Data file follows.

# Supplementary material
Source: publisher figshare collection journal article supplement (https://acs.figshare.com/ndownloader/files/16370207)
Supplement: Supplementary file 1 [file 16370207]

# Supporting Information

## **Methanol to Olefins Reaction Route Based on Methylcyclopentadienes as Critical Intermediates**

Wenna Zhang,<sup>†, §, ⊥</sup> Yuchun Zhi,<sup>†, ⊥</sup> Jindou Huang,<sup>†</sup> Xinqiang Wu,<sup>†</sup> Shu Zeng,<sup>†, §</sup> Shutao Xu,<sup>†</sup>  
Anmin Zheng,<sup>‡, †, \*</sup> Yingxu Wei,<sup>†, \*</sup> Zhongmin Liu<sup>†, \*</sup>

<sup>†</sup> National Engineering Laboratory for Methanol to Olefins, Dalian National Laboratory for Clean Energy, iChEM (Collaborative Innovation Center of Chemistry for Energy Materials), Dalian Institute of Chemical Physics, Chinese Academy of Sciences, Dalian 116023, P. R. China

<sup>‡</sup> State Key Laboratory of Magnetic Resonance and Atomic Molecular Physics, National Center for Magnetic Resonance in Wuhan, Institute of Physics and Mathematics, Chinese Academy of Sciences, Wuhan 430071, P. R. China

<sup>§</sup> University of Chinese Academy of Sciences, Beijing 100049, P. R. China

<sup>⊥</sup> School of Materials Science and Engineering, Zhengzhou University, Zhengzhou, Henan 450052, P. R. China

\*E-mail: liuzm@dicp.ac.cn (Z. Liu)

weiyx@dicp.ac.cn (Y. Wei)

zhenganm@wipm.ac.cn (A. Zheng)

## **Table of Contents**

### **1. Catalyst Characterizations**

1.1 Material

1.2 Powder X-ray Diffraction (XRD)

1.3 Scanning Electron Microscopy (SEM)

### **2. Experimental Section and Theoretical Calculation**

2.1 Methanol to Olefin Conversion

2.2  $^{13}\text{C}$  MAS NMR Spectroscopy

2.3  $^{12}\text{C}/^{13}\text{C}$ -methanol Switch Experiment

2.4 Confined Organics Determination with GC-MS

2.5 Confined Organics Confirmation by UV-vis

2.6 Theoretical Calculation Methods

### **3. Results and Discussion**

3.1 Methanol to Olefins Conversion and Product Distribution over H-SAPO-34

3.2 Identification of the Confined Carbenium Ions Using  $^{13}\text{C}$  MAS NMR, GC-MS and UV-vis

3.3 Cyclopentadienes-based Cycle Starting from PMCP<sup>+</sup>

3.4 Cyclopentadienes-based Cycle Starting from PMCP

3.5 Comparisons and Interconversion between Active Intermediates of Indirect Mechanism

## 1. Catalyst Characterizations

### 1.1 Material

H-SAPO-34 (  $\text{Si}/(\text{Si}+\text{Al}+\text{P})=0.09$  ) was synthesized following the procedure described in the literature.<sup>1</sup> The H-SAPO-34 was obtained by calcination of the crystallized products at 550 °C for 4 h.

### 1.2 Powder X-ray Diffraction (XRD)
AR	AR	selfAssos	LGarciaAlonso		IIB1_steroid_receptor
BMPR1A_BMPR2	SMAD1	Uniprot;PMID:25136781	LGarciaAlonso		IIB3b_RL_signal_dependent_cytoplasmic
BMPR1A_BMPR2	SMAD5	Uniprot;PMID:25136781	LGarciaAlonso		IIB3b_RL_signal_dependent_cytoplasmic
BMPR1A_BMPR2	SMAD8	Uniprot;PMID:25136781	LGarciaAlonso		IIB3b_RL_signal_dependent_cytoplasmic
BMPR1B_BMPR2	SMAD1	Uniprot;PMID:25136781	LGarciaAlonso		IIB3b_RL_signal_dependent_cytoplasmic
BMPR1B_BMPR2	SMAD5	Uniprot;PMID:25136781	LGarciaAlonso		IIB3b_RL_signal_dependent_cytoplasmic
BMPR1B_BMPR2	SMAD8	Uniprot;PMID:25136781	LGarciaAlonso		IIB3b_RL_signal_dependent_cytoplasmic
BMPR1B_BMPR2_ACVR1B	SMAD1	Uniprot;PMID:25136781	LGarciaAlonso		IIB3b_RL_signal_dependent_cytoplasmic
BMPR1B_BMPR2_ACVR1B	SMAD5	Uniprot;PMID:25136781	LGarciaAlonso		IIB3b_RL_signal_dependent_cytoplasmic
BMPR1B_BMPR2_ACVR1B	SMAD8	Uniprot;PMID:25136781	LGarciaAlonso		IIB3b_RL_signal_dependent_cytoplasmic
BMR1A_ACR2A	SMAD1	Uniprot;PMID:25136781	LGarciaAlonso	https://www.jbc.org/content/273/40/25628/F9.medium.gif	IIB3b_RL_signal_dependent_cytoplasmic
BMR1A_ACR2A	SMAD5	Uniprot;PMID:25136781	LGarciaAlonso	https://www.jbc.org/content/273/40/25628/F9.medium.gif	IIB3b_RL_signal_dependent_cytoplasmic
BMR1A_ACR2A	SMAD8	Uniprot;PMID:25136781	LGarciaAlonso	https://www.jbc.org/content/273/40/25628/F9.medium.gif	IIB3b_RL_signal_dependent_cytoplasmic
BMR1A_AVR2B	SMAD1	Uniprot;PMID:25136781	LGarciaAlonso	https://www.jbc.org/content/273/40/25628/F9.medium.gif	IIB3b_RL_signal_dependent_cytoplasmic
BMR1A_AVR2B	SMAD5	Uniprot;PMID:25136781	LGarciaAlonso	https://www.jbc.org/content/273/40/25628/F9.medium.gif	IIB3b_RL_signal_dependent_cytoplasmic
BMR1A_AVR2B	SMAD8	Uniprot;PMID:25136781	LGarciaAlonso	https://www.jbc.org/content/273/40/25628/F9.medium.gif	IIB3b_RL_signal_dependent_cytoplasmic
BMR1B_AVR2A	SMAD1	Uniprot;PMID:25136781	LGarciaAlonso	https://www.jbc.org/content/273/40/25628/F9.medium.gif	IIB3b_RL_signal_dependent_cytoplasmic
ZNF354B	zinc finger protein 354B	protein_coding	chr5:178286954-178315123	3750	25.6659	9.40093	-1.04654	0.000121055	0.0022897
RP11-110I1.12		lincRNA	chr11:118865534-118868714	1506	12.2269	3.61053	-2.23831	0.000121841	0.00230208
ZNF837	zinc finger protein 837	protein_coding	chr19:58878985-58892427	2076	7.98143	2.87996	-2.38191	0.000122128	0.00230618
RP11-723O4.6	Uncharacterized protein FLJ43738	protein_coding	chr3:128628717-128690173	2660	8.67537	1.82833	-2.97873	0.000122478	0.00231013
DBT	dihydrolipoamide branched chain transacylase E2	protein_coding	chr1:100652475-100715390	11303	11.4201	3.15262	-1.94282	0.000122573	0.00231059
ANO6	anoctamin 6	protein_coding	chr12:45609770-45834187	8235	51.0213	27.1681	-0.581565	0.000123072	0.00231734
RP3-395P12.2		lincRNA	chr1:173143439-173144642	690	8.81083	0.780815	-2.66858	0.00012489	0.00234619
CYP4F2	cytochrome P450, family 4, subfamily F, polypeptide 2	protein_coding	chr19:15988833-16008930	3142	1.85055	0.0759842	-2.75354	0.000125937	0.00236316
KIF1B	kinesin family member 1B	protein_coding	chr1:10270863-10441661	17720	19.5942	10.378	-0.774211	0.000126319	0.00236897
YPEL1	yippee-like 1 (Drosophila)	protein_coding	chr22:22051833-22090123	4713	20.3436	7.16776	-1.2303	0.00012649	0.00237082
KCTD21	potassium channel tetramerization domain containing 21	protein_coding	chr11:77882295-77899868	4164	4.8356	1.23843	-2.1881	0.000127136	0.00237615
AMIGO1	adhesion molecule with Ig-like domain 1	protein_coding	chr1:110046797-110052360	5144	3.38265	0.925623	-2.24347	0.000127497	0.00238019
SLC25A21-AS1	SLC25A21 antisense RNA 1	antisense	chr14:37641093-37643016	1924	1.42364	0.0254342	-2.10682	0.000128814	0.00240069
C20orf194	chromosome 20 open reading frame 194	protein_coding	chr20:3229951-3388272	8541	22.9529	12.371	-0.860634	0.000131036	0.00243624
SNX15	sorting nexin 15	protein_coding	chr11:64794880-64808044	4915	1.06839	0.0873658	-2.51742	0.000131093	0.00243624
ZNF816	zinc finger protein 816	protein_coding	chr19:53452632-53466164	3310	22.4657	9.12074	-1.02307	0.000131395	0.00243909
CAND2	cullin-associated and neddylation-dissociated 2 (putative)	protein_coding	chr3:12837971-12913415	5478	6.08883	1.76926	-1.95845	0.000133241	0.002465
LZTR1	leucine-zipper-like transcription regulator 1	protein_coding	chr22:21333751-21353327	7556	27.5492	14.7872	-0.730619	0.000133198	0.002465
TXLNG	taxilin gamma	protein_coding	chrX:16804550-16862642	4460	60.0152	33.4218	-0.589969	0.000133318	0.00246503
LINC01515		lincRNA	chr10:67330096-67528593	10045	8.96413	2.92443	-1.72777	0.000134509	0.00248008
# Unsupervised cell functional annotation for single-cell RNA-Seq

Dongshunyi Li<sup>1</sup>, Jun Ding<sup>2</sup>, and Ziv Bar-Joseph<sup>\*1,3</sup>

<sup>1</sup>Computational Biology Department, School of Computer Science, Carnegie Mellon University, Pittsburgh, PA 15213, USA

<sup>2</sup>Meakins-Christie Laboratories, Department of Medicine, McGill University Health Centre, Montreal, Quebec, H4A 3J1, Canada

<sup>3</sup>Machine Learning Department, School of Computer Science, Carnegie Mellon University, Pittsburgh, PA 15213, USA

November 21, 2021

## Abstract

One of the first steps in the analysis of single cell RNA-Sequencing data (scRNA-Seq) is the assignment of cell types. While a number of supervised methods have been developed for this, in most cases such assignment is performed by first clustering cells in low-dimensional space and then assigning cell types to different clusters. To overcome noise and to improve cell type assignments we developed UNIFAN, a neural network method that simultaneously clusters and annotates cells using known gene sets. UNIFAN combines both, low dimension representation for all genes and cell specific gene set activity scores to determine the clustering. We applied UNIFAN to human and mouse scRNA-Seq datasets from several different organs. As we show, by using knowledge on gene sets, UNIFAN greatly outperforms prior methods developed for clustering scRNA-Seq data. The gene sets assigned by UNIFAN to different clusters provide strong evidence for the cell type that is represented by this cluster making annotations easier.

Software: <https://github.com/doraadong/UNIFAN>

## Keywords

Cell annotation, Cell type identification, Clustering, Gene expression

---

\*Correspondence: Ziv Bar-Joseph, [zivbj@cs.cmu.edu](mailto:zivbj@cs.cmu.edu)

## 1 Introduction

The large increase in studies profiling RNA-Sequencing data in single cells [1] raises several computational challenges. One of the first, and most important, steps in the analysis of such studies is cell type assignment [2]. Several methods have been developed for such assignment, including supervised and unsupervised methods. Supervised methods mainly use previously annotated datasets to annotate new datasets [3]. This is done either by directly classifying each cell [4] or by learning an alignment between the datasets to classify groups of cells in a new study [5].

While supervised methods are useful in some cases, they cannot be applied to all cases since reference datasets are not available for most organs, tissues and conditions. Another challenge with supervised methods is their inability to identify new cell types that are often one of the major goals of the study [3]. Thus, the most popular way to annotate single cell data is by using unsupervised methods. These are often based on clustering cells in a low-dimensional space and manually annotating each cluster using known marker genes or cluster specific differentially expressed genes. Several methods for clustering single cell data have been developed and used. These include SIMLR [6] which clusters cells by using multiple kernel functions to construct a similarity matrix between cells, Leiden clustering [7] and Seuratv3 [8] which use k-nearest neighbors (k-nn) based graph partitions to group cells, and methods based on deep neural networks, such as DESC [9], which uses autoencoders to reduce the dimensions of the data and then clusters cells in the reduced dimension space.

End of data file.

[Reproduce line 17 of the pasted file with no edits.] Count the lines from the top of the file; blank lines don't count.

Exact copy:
1.1 Material